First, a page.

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Military commission media rules released

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    News Media Update         WASHINGTON, D.C.         Secret Courts    

Military commission media rules released

  • Approximately 70 journalists and support staff were required to sign contracts allowing the Pentagon to embargo and limit information that can be reported during next week’s military commission hearings in Guantanamo Bay, Cuba.

Aug. 19, 2004 — The Department of Defense this week publicly released its ground rules for media coverage of the military commission proceedings scheduled to begin on Monday in Guantanamo Bay, Cuba. Among the regulations is a contract reporters and their bureau chiefs must sign that allows the U.S. government to embargo information and censor photographs.

The preliminary hearings of four men, captured during the war in Afghanistan, will run through next week. According to Maj. Michael Shavers, a public affairs officer at the DOD, approximately 70 journalists and support personnel have been credentialed to attend the preliminary hearings, where charges will be read and the military commission process will be explained. Retired Army Col. Peter E. Brownback III, the presiding officer of the commission proceedings, will then issue dates for motions to be filed and testimony to be given.

The commission hearings will be the first the U.S. military has held since World War II.

Among the ground rules for members of the media is a provision prohibiting all photography and audio and video recordings of the commission proceedings without prior approval by the DOD public affairs office. Similarly, reporters are prohibited from identifying all commission personnel — including the presiding officer, the four military officers who will also hear the cases, prosecutors, defense counsel and witnesses — without prior approval. Many of the commission personnel have already been publicly identified.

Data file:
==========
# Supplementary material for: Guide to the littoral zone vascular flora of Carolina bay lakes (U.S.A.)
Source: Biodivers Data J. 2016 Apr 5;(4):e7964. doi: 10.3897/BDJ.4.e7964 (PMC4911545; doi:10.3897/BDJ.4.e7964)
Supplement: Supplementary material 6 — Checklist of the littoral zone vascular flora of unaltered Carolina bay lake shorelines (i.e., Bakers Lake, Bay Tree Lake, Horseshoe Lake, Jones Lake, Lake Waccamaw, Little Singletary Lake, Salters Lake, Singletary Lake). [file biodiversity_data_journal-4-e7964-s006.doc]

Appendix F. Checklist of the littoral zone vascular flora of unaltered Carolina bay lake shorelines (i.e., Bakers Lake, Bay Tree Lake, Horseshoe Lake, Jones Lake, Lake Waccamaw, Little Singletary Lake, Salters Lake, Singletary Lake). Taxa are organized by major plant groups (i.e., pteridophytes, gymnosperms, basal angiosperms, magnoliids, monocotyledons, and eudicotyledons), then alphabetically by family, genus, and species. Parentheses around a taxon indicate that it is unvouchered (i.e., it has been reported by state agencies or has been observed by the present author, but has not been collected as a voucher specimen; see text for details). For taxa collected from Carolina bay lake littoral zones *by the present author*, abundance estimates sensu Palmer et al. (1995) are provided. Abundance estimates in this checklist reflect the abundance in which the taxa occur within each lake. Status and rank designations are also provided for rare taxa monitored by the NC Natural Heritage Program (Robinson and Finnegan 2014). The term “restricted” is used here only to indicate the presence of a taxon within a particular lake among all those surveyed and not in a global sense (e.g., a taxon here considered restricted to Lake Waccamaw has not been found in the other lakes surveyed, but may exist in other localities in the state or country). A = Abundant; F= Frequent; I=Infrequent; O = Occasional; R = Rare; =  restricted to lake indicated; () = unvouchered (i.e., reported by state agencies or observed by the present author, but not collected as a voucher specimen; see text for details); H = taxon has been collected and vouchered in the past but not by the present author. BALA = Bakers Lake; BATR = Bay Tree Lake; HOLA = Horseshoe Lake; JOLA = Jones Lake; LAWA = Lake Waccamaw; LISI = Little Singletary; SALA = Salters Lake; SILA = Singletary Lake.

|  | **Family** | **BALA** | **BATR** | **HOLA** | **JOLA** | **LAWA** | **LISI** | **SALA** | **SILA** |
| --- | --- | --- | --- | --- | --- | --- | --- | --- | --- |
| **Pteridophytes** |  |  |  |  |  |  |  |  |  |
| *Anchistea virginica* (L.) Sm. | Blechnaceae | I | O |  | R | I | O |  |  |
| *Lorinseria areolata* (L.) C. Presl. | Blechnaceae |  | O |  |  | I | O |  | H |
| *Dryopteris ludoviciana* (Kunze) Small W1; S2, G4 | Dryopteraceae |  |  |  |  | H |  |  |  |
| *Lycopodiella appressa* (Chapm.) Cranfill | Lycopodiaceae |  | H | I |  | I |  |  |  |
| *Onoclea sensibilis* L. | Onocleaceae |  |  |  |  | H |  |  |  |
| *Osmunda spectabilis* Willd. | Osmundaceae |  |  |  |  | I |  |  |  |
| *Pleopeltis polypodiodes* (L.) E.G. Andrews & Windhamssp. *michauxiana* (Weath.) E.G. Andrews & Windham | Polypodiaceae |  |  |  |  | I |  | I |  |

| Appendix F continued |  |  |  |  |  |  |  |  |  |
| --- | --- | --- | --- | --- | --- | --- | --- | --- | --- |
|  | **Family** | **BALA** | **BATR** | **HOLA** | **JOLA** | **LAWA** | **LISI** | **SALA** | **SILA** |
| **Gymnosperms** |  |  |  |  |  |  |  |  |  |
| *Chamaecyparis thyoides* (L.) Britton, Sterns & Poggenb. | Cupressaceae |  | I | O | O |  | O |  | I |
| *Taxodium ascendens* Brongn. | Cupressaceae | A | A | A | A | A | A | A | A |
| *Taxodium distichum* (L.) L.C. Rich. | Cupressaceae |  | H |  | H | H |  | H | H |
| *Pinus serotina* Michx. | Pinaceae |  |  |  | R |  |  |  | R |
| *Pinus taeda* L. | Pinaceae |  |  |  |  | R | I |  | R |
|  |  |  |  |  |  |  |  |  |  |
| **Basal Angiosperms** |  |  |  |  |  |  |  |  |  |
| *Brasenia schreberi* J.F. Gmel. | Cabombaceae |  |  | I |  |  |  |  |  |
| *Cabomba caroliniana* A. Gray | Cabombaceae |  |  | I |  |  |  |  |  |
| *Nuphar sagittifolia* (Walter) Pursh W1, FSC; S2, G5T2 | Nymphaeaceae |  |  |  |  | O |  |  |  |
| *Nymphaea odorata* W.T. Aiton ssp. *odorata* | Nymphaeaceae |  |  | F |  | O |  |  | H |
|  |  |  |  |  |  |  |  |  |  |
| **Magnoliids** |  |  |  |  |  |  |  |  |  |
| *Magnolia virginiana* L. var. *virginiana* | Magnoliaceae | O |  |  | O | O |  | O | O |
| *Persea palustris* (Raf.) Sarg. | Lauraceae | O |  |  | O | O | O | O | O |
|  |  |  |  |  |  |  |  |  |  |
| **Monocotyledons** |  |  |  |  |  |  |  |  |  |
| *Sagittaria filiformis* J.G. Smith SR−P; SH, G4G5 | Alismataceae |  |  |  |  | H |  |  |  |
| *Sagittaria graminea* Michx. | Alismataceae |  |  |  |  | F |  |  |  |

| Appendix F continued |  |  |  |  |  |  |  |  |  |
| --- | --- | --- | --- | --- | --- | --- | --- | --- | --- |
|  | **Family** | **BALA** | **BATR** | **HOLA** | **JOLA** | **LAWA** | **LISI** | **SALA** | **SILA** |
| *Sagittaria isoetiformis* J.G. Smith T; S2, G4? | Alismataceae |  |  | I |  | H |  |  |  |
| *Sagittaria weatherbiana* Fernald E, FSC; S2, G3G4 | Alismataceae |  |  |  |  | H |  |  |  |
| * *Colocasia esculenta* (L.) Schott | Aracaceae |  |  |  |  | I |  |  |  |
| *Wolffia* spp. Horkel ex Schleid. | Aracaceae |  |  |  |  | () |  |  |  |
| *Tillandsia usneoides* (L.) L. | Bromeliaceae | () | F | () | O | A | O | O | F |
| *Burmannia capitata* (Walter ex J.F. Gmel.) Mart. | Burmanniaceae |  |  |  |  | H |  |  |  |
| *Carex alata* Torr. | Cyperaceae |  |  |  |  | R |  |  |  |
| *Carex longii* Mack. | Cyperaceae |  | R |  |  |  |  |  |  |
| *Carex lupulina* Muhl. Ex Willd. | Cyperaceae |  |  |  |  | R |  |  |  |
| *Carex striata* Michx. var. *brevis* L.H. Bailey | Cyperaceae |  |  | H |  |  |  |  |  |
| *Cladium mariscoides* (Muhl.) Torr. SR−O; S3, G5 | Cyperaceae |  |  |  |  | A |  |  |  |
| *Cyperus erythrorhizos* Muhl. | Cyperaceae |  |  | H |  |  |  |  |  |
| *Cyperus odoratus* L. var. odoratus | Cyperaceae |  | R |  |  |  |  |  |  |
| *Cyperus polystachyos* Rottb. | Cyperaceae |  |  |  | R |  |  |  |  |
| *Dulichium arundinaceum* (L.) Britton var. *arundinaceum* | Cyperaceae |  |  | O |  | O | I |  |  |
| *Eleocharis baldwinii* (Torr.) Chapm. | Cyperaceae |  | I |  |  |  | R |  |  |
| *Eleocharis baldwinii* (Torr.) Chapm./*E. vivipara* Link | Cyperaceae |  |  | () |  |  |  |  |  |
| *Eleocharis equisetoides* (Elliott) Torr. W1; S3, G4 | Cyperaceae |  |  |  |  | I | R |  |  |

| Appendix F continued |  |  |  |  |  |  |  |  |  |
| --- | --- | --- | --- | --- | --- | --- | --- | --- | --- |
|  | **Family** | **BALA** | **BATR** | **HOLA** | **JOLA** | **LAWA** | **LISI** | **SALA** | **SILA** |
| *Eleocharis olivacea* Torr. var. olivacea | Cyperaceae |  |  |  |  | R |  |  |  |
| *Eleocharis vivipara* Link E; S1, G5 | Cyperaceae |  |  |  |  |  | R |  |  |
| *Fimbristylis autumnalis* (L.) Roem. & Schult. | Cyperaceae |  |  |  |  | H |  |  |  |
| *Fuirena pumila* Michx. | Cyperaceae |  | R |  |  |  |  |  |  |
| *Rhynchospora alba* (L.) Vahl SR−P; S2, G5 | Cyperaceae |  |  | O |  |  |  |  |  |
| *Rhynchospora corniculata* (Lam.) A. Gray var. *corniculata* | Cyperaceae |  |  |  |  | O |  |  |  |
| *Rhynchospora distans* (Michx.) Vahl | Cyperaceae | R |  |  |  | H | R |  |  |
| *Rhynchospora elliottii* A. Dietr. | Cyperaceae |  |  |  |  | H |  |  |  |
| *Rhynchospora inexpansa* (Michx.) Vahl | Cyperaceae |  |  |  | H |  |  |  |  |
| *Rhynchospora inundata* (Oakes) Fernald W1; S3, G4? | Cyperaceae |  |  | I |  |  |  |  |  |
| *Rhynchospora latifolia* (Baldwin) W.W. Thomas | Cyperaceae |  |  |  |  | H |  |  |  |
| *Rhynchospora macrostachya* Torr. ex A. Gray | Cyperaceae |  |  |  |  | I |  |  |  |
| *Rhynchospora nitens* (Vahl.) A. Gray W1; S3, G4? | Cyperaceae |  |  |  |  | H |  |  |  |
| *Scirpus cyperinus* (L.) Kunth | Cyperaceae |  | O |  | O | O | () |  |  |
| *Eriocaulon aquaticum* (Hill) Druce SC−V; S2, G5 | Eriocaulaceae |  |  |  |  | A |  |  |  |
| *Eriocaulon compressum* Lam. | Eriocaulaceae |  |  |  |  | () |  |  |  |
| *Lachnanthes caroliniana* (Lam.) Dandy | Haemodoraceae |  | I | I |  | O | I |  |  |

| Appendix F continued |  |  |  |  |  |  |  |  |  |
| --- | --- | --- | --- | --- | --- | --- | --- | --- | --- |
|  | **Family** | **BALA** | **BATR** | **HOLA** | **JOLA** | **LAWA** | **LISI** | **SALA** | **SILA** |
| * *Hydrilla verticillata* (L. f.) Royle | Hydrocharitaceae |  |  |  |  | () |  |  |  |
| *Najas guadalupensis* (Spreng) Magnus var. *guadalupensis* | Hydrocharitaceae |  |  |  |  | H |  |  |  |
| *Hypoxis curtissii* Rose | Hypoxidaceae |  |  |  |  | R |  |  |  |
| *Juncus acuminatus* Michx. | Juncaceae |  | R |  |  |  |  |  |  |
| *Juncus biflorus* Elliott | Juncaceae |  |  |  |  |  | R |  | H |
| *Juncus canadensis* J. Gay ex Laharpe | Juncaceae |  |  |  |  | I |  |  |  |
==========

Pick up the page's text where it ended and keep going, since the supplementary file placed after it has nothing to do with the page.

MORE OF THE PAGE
When photographs are allowed, only digital cameras are permitted. Shavers said all photographs must be screened by the DOD for “security purposes” before they can be published or aired. Digital cameras simply “make that process easier,” he said.

“We want proceedings to be open and transparent as possible, however, there are security concerns,” Navy Lt. Susan McGarvey, a spokeswoman for the Judge Advocate General and the proceedings told The Associated Press. “The security assessment is, however, ongoing.”

Failure to comply with the various rules of press coverage, or the presiding officer’s instructions, “could result in permanent expulsion from the courtroom area and may result in the removal of the parent news organization from further participation, and could subject the news media representative to criminal prosecution,” the contract says.

No reporter can cover commission proceedings without signing the contract, said Shavers, who noted that no one has refused to sign. Shavers likened the agreement to cover next week’s “judicial” proceedings to the agreement reporters had to sign to be embedded during the war in Iraq.

Only eight seats will be reserved for the media in the commission hearing room — two seats each for print, television and wire services, and one seat each for radio and a sketch artist. A daily lottery will be held to determine who fills the eight seats, while an overflow room will provide a closed-circuit TV feed. Shavers said approximately half of the 70 journalists are from the international media.

David Hicks of Australia, Ibrahim Ahmed Mahmoud al Qosi of Sudan, and Salim Ahmed Hamdan and Ali Hamza Ahmed Sulayman al Bahlul of Yemen are the first four men to be tried by military commission. Eleven other “enemy combatants,” defined by the Pentagon as “an individual who was part of or supporting Taliban or al Qaeda forces, or associated forces that are engaged in hostilities against the United States or its coalition partners,” have also been found eligible by the DOD to be tried by military commission.

Approximately 600 people are currently held at the U.S. naval base in Guantanamo. The vast majority, held for more than two years, have never been charged with a crime or provided access to counsel. After the U.S. Supreme Court ruled in late June that the president does not have the authority to indefinitely imprison anyone he deems an “enemy combatant,” the Pentagon created Combatant Status Review Tribunals to determine whether detainees should be released.

Unlike the military commission hearings, detainees are not allowed attorneys during the review tribunals, which began late last month. The media has largely been prohibited from attending those proceedings.


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